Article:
When analyzing the PIAA winter sports season, the popular French expression comes to mind, “Plus ça change, plus c’est la même chose.”
Loosely translated, it means that the more things change, the more they stay the same.
Last summer, the PIAA scrambled to respond to pressure it faced to resolve the unquestionable and unconscionable advantage held by non-boundary schools, especially in postseason play.
The pressure came from a group – of what the PIAA executive director labeled as a few “rogue superintendents” – who held an equity summit in State College in July.
Rather than enacting the common-sense solution of separating playoffs for boundary and non-boundary schools, the PIAA pushed through new punitive transfer rules for all schools. As a result, athletic directors and high school principals have more unnecessary red tape, and student-athletes are punished by having to sit out if they transfer at the wrong time. The new rules certainly are equitable because they are bad for all parties involved.
Clearly, the misguided changes have not been efficacious. As proof, take a look at the 2019 girls and boy basketball playoffs. Over the weekend, teams from all six classifications vied for the state championship in Hershey. Although traditional public schools make up more than 80 percent of the PIAA member schools, only 50 percent of the 12 final girls’ teams are from public schools.
While obviously disproportional, it is nowhere near the shameful level of disparity seen in the boys’ brackets.
Of the 12 final teams, only two were traditional public high schools, and there were exactly zero public schools represented in the championships for the 1A, 2A, 3A or 4A brackets. Again, traditional public schools with geographic boundaries for enrollment account for more than 80 percent of the PIAA’s membership, and they make up less than 17 percent of the teams playing for the boys’ championship. The system is rigged, but the solution is a simple one with popular support.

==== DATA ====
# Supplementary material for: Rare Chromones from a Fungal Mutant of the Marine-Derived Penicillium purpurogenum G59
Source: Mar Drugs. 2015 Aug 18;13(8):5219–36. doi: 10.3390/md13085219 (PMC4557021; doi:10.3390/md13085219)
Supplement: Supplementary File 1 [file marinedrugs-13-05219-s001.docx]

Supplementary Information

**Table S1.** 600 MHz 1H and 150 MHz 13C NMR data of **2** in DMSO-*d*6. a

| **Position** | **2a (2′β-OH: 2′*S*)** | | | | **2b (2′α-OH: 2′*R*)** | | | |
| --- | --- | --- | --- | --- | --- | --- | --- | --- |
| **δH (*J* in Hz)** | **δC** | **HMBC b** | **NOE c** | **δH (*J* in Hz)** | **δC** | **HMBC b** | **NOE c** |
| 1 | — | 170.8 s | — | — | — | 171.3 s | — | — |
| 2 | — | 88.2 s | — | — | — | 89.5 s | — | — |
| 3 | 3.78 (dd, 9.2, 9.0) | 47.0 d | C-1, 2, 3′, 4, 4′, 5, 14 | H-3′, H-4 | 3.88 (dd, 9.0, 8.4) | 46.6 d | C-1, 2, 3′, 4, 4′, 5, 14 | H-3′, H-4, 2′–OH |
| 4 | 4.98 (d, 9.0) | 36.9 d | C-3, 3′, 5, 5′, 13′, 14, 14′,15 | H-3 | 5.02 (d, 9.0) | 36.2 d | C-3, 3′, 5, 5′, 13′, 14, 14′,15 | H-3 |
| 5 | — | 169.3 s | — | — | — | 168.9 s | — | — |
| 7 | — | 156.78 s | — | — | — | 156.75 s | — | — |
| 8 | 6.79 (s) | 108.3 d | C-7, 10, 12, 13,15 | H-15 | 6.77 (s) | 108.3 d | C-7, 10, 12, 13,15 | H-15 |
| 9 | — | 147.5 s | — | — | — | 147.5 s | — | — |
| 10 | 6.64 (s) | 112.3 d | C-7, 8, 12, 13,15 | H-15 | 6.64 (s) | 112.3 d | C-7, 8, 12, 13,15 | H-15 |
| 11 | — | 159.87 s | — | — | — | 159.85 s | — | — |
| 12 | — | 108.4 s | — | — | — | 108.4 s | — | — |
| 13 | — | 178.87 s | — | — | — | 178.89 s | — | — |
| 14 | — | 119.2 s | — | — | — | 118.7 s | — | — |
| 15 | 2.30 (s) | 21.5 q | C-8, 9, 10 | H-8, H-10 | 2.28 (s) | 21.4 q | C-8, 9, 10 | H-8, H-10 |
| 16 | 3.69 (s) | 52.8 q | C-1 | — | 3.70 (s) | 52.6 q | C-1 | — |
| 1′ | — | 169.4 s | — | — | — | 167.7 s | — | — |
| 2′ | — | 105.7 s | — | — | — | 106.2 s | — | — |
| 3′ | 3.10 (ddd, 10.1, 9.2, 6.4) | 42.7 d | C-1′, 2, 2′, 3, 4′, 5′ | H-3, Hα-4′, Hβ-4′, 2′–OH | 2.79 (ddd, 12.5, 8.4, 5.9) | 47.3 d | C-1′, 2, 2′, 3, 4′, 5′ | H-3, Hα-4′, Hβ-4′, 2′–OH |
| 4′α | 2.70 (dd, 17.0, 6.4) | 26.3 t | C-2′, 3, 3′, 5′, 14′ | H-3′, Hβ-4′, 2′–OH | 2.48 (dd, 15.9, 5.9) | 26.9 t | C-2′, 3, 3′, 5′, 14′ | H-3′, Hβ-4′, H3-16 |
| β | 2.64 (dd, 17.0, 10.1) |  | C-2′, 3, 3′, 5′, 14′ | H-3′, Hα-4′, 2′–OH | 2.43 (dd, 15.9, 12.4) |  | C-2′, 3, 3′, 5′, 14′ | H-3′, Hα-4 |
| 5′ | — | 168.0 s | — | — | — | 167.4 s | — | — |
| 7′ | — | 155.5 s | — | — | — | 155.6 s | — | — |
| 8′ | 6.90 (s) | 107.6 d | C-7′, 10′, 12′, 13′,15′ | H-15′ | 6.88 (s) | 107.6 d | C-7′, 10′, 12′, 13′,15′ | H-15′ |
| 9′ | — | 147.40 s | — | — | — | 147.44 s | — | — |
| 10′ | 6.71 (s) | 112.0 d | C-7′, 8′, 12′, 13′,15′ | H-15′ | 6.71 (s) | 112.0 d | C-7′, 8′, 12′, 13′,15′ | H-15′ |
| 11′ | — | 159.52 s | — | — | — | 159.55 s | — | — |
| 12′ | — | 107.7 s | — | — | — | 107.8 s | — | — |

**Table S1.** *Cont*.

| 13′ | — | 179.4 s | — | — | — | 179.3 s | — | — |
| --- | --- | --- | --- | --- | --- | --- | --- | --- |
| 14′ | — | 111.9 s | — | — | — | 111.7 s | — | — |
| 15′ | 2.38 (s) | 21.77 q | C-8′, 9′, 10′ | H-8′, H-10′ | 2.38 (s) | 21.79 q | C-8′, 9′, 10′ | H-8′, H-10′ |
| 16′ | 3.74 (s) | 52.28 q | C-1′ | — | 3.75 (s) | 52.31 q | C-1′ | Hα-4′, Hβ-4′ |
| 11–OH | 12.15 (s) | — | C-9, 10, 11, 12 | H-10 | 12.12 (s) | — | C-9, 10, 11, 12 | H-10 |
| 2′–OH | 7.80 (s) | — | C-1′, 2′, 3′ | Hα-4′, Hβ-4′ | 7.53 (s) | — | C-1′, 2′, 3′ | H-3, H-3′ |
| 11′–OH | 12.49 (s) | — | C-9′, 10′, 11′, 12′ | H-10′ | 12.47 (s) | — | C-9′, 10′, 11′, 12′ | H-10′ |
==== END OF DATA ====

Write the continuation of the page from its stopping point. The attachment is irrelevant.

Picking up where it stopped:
That group of rogue superintendents (of which I am proudly a member, along with Eric Zelanko, Bill Hall and Len Rich) sent a survey to school leaders of all 500 traditional school districts in Pennsylvania. The response was overwhelming: 94 percent indicated that they supported separate playoffs for boundary and non-boundary schools. As a group, we took that information to the PIAA, where we were told that the group’s interpretation of the 1972 law that allowed parochial schools to participate in PIAA competition did not allow for a separate playoff system. While that interpretation is easily refuted, at the very least it showed us the organization’s stance, one that is counter-majoritarian and does not support equity and fairness for our student-athletes.
Looking only at girls’ 3A basketball in Cambria County, you can see an exemplar case study. McSherrytown’s Delone Catholic High School’s championship team of non-boundary all-stars knocked out a once-in-a-generation team from Central Cambria in the Western Final, after having ended the season of a great Penn Cambria team along with two other traditional public schools along the way.
To be clear, we do not seek to diminish the accomplishments of the non-boundary schools’ student-athletes.
However, imagine if the NBA decided that the winner of this year’s Eastern Conference title would be forced to play the Western Conference All-Star team for the championship. The NBA Players’ Association would have grievances and lawsuits filed before the opening tipoff. Our public school student-athletes have no such protections.
Thankfully, state Rep. Scott Conklin from Centre County has recently introduced legislation that would allow the PIAA to have separate playoffs for boundary and non-boundary schools, thereby eliminating the PIAA’s argument that separation would violate the law. While there appears to be bipartisan support for Conklin’s or similar legislation, it is imperative that we advocate for our student-athletes by contacting our local state senators and members of the Pennsylvania House of Representatives.
There is clear support from their constituents. However, please be cognizant that powerful special interest groups are perfectly content with the status quo, so make sure that your voice is heard.
Even if you are not a sports fan or a parent of an impacted student, we should all be advocates for fairness and equity.
For public school student-athletes, the current system could cost them scholarship opportunities which, for some students, might mean the difference between attending or not attending college.
Action is needed now.
Jason S. Moore is Superintendent of Central Cambria School District in Ebensburg.